Anne explained that when new shelter residents arrive, usually in the evening, staff members determine the services they need.  Simple food is available, as well as showers and laundry facilities.  They are assigned a bed, if one is available.  In the winter, the shelter will find places for everyone who shows up to sleep for one night, although it may be the couch or a cot in the living room.

In the morning, all the guests are expected to leave the house by 8 AM unless they have preschool children.   Some of the residents may go to work, interview for jobs, attend school, visit the Health and Human Services office to apply for benefits, or use the local public library, which is very helpful and takes a letter from the shelter as proof of residency.  They can return to the shelter in the late afternoon.  Most cook their own food at the shelter, although they can also use the soup kitchen down the street (and do so more often near the end of the month when their benefits run out).  They’re also required to pick up after themselves, do their own laundry, and share household chores. 

Anne told us that the women in the shelter do a lot to help each other out.  New residents see the longer-time residents following the rules, looking for jobs and attending school, and they feel more hopeful about their own futures.  When one person gets a job, it’s a big boost for everyone.  Also, the residents know the systems for helping low-income people better than anyone else, and can help their fellow residents figure out how to get the help they need.  Some residents have gone together to rent an apartment, others have loaned furniture they have in storage to someone who needs it.  Most residents manage to find resources so they can move to other accommodations within 3 months.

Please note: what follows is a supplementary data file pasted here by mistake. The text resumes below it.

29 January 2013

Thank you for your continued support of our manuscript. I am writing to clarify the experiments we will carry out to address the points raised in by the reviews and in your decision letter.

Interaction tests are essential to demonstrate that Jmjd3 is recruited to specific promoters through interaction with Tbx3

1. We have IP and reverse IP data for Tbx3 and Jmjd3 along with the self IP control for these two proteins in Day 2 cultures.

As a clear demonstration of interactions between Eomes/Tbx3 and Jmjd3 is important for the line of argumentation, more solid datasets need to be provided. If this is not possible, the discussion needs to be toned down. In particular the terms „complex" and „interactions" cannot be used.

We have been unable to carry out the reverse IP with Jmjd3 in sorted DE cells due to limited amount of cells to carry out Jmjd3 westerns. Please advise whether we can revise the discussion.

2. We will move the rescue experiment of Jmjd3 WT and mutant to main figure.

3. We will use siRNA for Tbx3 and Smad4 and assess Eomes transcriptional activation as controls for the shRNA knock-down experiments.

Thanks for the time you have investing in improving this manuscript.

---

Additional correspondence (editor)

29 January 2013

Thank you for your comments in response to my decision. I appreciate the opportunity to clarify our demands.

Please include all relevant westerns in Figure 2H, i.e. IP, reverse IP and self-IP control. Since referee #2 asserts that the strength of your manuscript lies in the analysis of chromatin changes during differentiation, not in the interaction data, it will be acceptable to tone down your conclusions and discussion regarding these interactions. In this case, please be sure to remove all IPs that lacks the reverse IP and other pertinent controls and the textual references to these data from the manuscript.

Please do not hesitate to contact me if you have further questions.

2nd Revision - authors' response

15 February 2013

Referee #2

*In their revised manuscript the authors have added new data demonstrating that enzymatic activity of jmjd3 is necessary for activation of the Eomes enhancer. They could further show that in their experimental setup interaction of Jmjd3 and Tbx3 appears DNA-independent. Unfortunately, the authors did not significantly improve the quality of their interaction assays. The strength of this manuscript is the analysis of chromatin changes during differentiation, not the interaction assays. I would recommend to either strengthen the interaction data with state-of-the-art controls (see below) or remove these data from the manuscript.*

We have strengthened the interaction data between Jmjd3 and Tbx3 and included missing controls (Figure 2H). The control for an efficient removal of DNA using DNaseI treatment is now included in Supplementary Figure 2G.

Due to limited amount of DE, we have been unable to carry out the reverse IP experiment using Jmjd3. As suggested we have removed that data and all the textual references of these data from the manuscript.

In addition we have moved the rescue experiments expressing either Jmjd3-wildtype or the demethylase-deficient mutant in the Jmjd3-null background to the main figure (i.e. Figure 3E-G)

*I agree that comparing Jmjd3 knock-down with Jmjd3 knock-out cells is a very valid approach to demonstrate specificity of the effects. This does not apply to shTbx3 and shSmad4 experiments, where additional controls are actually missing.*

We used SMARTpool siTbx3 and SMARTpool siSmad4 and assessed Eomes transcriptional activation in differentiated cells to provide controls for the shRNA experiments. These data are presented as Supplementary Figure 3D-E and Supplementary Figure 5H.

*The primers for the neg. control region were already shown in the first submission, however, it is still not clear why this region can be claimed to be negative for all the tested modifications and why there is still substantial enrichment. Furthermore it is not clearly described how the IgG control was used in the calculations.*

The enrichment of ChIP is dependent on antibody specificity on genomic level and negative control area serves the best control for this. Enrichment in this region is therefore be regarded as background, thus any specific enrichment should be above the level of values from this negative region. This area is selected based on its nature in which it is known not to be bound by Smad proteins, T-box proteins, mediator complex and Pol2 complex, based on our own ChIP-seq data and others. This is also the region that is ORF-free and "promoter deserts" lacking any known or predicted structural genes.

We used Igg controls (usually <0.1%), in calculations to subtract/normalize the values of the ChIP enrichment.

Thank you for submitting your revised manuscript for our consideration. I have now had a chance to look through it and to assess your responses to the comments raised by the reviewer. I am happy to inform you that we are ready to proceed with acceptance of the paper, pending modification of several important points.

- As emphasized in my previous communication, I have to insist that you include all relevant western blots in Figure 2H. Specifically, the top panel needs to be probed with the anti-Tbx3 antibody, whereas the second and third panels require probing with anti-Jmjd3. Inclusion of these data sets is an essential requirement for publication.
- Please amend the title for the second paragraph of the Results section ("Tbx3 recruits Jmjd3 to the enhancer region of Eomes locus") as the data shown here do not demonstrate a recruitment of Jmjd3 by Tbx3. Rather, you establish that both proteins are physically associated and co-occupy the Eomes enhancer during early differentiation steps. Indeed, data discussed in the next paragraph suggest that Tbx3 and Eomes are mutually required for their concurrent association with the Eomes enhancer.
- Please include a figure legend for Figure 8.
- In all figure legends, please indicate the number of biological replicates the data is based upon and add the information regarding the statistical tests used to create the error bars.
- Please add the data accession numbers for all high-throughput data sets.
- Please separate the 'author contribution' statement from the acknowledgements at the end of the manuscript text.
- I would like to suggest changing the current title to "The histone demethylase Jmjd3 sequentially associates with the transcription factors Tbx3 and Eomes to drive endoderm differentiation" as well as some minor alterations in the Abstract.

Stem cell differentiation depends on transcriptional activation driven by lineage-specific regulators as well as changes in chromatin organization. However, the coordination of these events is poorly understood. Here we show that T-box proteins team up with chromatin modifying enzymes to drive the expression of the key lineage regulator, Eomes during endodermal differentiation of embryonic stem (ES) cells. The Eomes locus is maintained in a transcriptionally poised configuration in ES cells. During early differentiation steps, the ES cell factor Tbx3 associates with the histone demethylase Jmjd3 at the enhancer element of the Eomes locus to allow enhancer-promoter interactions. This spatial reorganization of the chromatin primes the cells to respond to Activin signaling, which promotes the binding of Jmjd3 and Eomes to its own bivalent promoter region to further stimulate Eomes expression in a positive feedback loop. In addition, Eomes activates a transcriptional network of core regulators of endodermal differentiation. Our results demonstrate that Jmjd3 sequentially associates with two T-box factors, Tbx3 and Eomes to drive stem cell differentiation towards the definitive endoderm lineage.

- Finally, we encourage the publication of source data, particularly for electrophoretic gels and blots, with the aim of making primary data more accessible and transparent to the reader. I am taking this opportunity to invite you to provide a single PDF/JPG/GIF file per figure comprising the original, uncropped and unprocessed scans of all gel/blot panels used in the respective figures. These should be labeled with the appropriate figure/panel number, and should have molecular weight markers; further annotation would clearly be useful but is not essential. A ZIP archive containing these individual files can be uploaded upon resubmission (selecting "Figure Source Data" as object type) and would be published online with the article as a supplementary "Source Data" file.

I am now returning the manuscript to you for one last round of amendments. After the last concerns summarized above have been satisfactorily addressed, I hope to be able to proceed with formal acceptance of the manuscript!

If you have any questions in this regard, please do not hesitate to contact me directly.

The NSK&S doesn’t try to do everything, just what is needed and that they can afford.  If there are others in the community providing a service, they refer their clients and residents to those facilities instead of duplicating them.  Other agencies help with medical problems, substance abuse treatment, domestic abuse counseling, working toward a GED, or educational assessment.

We found the NSK&S to be an outstanding, caring, well-run organization that’s doing great things for its client base.  Its major problem at this time is the crowded, difficult building that houses the administrative offices and soup kitchen.  They are working to locate a larger, better designed building in the same neighborhood that will allow them to upgrade their soup kitchen facilities to serve more people and allow the clients to wait inside the building.  They need a dedicated space for their food pantry, more storage room for their backpacks, warm coats and other programs, better facilities for the staff, and additional space for programs, meetings and other needs. 

We’re hoping that the NSK&S is successful in locating space to accommodate their expanding services, so they are able to even more effectively supply their neighbors with food and shelter and more.